Next comes organization. I’m a huge fan of OtherInbox, which integrates with Gmail and automatically organizes your messages into folders like “Shopping” and “Business.” Imagine an inbox with 1,000 messages; after initiating OtherInbox, you can watch that inbox shrink to 14 emails — in one click. Furthermore, OtherInbox will learn from you, and therefore, get better over time. As an added benefit, OtherInbox has its own unsubscribe service. It will also automatically recognize tracking numbers in an email, then put the delivery date in your calendar alongside relevant shipment information.
Become a filtering ninja. Whether Gmail, Outlook or another service, most email systems allow for filtering. Any type of email you get with some regularity (and some you don’t) should have a filter assigned to it. Sometimes accounts forward emails with certain keywords to an assistant, or provide a specific automated response. Regardless, use filters often.
Answer questions ahead of time. Take away the need for people to email you in the first place. Try including an FAQ section on your website, for example. Answer those mundane, repetitive questions ahead of time. Or, try putting relevant information in your signature. I use UnityFax to get faxes by email. I like Virtual Post Mail to get postal mail in my email inbox.
Finally, use WiseStamp to generate nice little icons that link to your Facebook, Twitter, LinkedIn and blog. I also like to include a link to Tungle in my signature, which gives people access to an appointment book synced with my calendar in real time. That way, I never have to waste time or emails setting up meetings.
Include a sentence in your email signature stating that you only check your email once a day, but if the matter is urgent, the sender can use AwayFind. This service creates an emergency contact page that routes messages to you by voice or text.
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On September 4, 1998, Larry Page and Sergey Brin filed for incorporation as Google Inc. — they had received a $100,000 check from an investor made out to Google, Inc., and needed to incorporate that name so they could legally deposit the check.
Prior to the launch, Page and Brin met at Stanford in 1995, and soon decided to launch a search service called BackRub in January 1996. They soon reevaluated the name (and the creepy logo) in favor of Google, a play on the mathematical figure, “googol,” which represents the number 1 followed by 100 zeroes. The name embodied their mission to create an infinite amount of web resources. And that they did.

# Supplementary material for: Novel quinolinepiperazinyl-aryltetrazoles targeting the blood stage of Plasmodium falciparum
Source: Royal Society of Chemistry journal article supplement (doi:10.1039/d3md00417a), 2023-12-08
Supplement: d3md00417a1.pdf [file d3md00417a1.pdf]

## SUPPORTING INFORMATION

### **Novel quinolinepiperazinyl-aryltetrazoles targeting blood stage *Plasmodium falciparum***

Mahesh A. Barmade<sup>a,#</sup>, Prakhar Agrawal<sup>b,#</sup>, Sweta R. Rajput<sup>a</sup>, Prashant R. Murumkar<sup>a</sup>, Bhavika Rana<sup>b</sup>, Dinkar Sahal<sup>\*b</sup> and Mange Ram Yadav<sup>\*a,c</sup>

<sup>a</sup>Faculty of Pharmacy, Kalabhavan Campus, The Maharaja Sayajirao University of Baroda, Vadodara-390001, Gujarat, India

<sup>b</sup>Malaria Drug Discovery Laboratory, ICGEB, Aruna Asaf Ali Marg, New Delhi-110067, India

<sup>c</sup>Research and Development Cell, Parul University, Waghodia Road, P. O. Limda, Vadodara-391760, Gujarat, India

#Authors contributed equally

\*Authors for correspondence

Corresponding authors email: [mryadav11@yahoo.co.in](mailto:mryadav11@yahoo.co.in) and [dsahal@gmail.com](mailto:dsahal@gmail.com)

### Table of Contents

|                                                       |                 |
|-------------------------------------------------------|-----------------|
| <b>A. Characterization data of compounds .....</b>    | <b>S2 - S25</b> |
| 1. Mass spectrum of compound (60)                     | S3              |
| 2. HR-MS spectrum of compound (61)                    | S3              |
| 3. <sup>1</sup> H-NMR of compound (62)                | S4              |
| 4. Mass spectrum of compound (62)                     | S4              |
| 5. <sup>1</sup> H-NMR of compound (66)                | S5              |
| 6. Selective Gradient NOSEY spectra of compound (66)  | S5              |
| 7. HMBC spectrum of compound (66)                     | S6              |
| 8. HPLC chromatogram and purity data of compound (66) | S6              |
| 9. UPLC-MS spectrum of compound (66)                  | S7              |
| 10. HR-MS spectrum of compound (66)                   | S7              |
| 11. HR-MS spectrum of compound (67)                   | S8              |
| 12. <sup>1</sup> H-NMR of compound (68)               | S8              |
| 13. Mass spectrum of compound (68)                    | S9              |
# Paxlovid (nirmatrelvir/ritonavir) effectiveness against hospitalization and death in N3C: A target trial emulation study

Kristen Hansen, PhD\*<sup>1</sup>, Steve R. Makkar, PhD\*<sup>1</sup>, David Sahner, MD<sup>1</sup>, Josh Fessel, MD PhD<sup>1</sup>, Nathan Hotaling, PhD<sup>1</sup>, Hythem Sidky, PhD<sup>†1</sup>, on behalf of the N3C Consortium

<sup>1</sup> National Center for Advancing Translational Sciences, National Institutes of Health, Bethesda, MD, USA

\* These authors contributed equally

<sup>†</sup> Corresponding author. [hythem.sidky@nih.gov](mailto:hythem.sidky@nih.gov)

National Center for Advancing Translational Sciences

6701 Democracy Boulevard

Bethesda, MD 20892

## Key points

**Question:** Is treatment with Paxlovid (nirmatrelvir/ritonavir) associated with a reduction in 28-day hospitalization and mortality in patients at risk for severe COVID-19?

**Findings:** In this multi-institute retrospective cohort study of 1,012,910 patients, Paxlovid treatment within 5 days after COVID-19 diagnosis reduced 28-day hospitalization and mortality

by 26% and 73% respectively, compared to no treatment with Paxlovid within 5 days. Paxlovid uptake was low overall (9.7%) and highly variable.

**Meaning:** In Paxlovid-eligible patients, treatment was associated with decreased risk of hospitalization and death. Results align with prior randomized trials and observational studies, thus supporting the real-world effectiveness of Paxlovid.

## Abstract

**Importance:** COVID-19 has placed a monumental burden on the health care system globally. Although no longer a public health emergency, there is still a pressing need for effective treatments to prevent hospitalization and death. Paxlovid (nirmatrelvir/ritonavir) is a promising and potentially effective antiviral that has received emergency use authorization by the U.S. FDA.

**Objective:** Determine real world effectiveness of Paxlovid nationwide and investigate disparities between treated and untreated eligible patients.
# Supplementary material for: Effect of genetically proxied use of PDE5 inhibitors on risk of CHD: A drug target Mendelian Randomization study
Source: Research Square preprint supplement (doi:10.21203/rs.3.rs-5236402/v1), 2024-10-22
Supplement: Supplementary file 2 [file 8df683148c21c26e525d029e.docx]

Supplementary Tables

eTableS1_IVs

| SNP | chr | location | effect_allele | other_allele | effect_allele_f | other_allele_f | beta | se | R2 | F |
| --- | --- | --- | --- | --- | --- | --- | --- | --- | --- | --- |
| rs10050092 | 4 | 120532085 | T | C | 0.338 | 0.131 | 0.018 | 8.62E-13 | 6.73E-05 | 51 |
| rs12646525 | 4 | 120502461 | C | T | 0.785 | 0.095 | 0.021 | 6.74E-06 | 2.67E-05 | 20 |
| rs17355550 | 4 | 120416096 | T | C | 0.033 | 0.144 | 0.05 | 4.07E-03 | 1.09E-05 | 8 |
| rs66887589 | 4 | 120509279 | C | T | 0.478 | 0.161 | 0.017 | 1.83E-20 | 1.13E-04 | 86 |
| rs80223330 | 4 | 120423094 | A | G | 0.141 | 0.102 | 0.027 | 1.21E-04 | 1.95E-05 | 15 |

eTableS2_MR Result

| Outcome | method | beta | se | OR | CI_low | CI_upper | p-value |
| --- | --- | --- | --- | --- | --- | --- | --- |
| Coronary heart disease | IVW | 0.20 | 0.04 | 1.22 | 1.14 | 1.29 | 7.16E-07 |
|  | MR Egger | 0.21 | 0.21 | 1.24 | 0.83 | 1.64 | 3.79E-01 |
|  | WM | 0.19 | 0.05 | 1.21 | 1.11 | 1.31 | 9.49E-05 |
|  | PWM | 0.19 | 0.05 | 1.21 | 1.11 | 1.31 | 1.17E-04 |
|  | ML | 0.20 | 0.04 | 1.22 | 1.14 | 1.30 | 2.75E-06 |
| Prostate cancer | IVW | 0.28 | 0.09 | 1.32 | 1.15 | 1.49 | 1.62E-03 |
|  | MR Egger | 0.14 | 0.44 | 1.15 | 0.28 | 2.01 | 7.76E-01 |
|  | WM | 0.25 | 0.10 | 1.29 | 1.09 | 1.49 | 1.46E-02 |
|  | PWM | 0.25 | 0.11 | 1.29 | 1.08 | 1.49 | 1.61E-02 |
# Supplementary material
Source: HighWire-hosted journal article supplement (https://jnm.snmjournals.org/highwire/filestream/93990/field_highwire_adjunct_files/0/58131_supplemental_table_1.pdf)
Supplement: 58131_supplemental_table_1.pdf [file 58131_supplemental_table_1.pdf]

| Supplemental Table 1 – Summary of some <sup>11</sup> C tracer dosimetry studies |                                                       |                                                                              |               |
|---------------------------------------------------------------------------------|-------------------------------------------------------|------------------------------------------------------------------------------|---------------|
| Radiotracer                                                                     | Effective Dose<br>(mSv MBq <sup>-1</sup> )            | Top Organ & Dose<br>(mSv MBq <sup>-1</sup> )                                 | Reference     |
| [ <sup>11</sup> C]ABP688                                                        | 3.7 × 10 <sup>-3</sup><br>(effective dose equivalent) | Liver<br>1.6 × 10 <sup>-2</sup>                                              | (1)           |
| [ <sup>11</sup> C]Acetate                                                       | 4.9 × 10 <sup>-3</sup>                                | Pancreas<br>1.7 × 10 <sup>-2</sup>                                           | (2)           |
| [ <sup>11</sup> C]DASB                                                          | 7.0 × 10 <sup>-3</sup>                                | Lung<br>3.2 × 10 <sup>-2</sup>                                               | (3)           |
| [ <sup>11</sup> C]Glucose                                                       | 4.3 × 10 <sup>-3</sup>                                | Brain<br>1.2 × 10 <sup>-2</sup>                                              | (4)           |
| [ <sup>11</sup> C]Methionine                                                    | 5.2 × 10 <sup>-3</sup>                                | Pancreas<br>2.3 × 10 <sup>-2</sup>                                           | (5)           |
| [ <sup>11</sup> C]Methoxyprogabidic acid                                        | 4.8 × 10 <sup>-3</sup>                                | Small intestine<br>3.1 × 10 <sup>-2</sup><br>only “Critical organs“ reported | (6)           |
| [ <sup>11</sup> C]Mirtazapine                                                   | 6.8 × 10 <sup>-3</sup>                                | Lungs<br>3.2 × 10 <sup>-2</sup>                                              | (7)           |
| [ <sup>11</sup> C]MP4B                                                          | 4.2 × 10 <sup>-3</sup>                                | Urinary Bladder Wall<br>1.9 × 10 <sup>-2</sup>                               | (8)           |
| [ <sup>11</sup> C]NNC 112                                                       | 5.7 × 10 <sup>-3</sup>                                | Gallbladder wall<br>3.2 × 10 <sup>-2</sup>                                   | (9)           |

Since then, Google has become a household name to billions of people worldwide. You’ll overhear senior citizens command their grandchildren to “google” the price of foot cream. You’ll witness toddlers punching the screen of the latest Android phone. And chances are, you’ve navigated the circles of Google+ (if not, let’s get you an invite already).We’d like to guide you on a trip down Google lane, presenting the key products and acquisitions that were born in the first Google garage office, and innovated in the Googleplex. In the comments below, please share how Google has had an impact on your life, and join us in wishing Google a happy birthday!
Take one look at this Switch Plug and you’ll immediately see its value. Plug it in while the switch is in its off position, and there’s less of a chance of sparks or shocks.
Once you plug it in, flip the switch and its LEDs light up, reminding you that there’s energy flowing through that plug, perhaps encouraging you to turn it off when not in use. Our only quibble: those LEDs better draw very little power, lest they defeat the Switch Plug’s energy-saving purpose.
Designer Gonglue Jiang, currently studying at the Harvard Graduate School of Design, is onto something with this design concept. The idea could be especially useful if the technology were installed on those AC adapters that act like vampires, suck sucking power 24/7, even when you’re not using the device to which they’re attached.
This is not Jiang’s first encounter with plugs — he also created this colorful design he calls “Infinite USB,” giving you the ability to daisychain USB plugs, solving that problem of the reduced number of USB ports on many laptops:
Read Entire Story at Mashable.com
In the past, the urge to anonymously surf the web has always had a somewhat negative connotation. Now, with new data and identity theft issues being revealed on an almost daily basis — Sony’s PSN outages being the latest — the idea of purchasing and paying online anonymously without providing any sensitive data is having an unsoiled renaissance.
Ecommerce has made its way into everyday life and established itself as a multibillion dollar industry. The comfort of shopping online while staying at home is unparalleled. But, of course, there is a downside. When purchasing something online, you have to provide data to complete the transaction. Normally this would be your name, address and credit card or bank account details. That’s fine and good so long as this data is only available to the respective merchant. But the Internet has taught one important lesson: Whenever there is data exchanged or stored, there is a chance for third parties to compromise it.